Yes, the fight or flight response can be controlled. The fight or flight response occurs when you are exposed to something you fear. Fearful situations include: hearing footsteps behind you when walking home in the dark; giving a speech to an audience; making new friends at a party; interviewing for a new job; taking a test; flying; being trapped in a dark closet; hearing gun shots; natural disasters. There are numerous other situations that make you fearful, and these fearful situations trigger the fight or flight response.
The fight or flight response is responsible for the physical effects of fear and anxiety. Fear activates the amygdala, an almond-shaped part of the brain which controls emotions. The activated amygdala in turn activates the Sympathetic Nervous System and the HPA axis (hypothalamic pituitary adrenal axis). The Sympathetic Nervous System then activates a neural response which activates smooth muscles and activates the adrenal medulla (part of the adrenal glands on top of the kidneys) to release adrenaline and noradrenaline (stress hormones), and the HPA axis is activated and triggers the release of cortisol (stress hormone) from the adrenal cortex (part of the adrenal glands). The end result is the fight or flight response induces the following physical effects of fear and anxiety: increased heart rate, chest palpitations, increased rate of breathing, shortness of breath, numbness and tingling in the arms and legs, butterflies in the stomach, lump in the throat, and dry mouth.
The fight or flight response is adaptive when dealing with real dangers in the environment…it can help you to survive dangerous situations by preparing you to fight the danger or to flee from it. However, when anxiety triggers the fight or flight response on a chronic basis, then the physical effects can lead to physical and mental exhaustion, as you are constantly on alert and on guard for any possible danger in the environment. But for anxiety, this fight or flight response is not adaptive, as the danger is more in your head than a reality in the environment.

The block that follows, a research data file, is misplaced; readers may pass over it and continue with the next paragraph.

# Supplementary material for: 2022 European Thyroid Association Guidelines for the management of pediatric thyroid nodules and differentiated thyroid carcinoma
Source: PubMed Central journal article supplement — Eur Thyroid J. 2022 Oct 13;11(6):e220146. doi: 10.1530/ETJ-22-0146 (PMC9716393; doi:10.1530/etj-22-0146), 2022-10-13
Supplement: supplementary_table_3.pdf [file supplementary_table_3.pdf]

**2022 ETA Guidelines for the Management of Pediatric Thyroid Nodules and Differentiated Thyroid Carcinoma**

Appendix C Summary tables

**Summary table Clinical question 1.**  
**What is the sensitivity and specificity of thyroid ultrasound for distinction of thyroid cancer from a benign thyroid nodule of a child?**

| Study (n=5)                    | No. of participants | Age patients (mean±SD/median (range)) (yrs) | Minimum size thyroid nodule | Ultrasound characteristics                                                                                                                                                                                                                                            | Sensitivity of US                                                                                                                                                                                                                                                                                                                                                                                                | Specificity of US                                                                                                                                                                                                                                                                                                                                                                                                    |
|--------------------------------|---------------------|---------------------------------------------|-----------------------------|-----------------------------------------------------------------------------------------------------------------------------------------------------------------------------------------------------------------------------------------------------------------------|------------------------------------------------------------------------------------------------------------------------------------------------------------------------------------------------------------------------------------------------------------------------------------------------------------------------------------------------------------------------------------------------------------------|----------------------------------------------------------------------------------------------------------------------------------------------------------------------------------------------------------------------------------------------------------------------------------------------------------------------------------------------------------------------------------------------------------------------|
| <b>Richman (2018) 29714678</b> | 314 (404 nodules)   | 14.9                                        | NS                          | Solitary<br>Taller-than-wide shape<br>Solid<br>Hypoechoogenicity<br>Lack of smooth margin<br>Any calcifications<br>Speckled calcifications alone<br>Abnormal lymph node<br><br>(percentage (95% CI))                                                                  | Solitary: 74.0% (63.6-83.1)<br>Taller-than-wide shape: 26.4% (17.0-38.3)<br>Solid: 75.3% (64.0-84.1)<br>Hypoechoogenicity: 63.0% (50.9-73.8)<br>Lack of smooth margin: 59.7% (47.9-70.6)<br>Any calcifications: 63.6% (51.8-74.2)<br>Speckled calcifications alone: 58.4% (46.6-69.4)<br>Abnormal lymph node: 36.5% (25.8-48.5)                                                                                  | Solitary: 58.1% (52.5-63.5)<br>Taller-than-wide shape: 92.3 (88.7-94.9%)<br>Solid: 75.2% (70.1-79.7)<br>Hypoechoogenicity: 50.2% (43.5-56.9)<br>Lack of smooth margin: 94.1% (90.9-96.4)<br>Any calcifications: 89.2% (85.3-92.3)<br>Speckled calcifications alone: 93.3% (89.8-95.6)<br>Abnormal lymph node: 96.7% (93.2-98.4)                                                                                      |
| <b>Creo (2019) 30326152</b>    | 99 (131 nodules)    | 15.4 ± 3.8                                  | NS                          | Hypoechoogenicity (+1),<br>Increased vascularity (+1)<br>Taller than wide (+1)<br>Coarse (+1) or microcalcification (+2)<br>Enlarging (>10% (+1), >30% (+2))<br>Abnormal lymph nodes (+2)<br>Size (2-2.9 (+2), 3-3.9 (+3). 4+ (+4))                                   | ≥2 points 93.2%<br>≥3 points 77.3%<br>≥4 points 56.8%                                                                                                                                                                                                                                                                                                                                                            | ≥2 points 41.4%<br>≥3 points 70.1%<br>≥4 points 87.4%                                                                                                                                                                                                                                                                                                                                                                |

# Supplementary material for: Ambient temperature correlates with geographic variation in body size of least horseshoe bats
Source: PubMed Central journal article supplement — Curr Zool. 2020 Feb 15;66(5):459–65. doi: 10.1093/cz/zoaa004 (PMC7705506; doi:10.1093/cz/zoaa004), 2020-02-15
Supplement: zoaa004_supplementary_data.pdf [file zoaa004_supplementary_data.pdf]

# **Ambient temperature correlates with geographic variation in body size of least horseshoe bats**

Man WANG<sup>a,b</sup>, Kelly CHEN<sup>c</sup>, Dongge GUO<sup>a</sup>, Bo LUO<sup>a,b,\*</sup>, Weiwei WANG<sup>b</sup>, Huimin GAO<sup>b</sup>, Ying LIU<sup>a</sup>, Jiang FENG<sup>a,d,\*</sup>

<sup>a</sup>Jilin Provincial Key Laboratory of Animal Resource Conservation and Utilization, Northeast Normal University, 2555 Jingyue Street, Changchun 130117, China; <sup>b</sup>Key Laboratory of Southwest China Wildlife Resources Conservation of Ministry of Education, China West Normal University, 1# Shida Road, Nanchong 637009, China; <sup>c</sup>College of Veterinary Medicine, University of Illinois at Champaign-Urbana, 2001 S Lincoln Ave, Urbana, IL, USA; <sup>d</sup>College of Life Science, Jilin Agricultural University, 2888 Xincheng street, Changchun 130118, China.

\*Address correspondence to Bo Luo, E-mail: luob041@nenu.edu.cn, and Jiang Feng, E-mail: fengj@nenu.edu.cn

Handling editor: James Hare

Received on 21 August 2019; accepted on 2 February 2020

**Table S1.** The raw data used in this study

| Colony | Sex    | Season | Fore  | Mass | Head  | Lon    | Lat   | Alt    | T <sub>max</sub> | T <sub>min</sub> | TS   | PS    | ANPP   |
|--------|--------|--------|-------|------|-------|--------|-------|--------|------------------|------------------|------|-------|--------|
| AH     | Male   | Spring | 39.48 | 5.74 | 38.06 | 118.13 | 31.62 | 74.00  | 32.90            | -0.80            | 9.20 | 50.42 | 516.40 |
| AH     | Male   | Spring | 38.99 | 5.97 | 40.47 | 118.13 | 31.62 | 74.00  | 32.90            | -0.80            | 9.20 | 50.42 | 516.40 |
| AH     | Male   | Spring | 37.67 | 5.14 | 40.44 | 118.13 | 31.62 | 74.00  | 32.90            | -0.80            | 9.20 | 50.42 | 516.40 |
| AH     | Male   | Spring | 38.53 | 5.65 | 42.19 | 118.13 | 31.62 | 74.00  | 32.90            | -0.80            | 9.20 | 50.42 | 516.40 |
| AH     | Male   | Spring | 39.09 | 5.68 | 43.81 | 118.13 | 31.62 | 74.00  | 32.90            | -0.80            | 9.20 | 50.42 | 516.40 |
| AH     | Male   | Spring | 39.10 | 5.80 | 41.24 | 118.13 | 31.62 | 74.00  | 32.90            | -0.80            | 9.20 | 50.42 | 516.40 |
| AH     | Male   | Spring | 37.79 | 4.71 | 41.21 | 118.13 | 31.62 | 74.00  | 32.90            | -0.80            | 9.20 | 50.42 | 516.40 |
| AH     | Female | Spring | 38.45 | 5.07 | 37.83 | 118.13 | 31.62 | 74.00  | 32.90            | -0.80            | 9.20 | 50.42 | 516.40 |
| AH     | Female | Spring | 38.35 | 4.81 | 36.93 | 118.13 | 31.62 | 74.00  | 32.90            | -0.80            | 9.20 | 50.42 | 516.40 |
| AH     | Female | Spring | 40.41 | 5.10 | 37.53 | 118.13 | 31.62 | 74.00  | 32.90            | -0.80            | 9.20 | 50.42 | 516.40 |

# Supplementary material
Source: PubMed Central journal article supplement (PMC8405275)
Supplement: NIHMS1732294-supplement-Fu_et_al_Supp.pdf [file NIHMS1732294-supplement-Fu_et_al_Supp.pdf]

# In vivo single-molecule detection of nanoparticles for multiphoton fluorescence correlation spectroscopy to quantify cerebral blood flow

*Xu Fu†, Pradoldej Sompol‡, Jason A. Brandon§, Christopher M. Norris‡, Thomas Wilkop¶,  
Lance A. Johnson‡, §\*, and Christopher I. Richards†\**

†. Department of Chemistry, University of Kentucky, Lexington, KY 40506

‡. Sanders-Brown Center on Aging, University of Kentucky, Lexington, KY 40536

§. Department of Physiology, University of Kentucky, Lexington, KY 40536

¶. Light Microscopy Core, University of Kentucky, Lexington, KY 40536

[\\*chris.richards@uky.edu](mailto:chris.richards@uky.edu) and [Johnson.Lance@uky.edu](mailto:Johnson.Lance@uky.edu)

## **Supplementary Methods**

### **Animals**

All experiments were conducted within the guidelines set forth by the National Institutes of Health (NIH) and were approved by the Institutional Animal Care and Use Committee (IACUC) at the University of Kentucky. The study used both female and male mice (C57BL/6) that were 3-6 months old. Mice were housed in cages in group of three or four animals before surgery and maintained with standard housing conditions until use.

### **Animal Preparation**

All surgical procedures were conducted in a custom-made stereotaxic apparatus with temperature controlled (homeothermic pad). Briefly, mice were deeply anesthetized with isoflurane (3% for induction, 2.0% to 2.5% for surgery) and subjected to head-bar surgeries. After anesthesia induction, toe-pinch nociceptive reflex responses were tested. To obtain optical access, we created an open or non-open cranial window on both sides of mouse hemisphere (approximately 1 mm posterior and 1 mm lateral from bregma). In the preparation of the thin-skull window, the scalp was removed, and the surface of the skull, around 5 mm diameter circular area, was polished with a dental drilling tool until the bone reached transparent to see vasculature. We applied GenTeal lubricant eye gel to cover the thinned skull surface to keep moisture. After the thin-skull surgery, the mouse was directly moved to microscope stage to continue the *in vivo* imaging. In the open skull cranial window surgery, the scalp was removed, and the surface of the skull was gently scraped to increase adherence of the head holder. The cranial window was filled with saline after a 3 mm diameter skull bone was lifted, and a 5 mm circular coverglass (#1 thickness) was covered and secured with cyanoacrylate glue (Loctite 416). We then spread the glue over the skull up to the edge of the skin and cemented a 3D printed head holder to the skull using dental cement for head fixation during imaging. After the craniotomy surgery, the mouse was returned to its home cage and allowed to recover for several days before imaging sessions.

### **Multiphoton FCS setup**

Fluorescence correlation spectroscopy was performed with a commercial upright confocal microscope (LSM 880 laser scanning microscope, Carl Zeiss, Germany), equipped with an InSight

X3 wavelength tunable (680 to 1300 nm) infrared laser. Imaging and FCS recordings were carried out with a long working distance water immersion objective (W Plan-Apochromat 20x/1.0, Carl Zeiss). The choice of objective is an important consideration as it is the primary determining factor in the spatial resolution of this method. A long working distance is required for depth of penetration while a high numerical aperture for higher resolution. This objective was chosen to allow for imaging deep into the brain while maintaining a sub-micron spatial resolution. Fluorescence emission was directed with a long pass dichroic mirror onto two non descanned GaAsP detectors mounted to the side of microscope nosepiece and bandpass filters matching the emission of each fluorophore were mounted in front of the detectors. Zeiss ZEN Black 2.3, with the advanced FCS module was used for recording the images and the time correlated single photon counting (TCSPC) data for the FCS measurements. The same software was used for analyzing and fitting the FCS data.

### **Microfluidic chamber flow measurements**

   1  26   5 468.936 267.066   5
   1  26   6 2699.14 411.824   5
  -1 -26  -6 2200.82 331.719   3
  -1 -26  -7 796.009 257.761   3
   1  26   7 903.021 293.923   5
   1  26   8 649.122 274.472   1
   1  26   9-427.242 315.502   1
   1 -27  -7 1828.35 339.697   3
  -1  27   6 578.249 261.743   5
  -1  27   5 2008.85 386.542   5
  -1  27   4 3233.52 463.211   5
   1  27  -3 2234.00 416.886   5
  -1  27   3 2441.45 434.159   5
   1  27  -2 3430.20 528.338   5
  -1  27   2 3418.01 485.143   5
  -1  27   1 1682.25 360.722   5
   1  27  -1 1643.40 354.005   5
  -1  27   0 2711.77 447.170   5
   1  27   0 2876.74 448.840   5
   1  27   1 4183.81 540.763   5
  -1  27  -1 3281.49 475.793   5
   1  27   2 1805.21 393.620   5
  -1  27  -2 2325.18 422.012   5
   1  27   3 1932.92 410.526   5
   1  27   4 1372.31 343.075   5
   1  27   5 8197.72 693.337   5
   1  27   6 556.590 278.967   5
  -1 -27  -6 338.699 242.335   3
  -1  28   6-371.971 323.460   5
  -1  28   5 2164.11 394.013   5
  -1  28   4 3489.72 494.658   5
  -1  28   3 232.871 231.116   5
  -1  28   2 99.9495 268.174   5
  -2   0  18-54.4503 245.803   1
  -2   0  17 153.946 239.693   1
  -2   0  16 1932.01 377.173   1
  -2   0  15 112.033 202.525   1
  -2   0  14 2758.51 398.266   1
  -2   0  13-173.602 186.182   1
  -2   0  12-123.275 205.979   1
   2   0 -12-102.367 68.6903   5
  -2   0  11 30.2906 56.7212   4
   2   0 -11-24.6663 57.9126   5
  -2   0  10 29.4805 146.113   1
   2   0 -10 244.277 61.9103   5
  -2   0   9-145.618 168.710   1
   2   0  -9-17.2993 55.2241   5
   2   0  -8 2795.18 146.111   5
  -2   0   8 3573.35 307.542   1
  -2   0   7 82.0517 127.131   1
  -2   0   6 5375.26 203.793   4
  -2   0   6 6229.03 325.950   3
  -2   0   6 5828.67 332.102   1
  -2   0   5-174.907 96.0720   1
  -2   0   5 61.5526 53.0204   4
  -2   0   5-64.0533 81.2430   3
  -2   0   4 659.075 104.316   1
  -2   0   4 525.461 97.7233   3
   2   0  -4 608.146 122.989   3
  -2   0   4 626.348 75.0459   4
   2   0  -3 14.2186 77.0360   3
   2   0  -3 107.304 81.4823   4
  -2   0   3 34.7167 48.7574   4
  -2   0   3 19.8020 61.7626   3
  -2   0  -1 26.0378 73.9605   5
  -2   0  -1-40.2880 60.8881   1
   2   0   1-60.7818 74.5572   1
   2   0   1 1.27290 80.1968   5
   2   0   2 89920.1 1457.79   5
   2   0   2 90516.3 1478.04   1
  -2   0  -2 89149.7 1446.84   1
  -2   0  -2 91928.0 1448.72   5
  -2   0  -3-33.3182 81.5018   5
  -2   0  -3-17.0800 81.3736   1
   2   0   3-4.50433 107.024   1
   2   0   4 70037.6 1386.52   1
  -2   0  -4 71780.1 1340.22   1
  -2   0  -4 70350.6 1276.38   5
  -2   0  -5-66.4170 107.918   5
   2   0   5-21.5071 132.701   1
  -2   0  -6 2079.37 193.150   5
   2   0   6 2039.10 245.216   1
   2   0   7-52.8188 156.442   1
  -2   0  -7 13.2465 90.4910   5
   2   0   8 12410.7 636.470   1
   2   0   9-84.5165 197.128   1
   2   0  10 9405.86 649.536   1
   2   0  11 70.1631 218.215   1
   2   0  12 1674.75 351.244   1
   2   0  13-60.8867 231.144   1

So the best way to control the fight or flight response is to develop coping skills to address the anxiety, such as changing the way you think about a situation (less negative thinking), addressing your avoidant behaviors which maintain the anxiety, getting adequate rest and sleep, getting enough exercise to defuse your nervous energy, and engaging in meditative and relaxation techniques to reduce your overall anxiety levels. Natural supplements can also be considered to further help you to reduce your anxiety levels.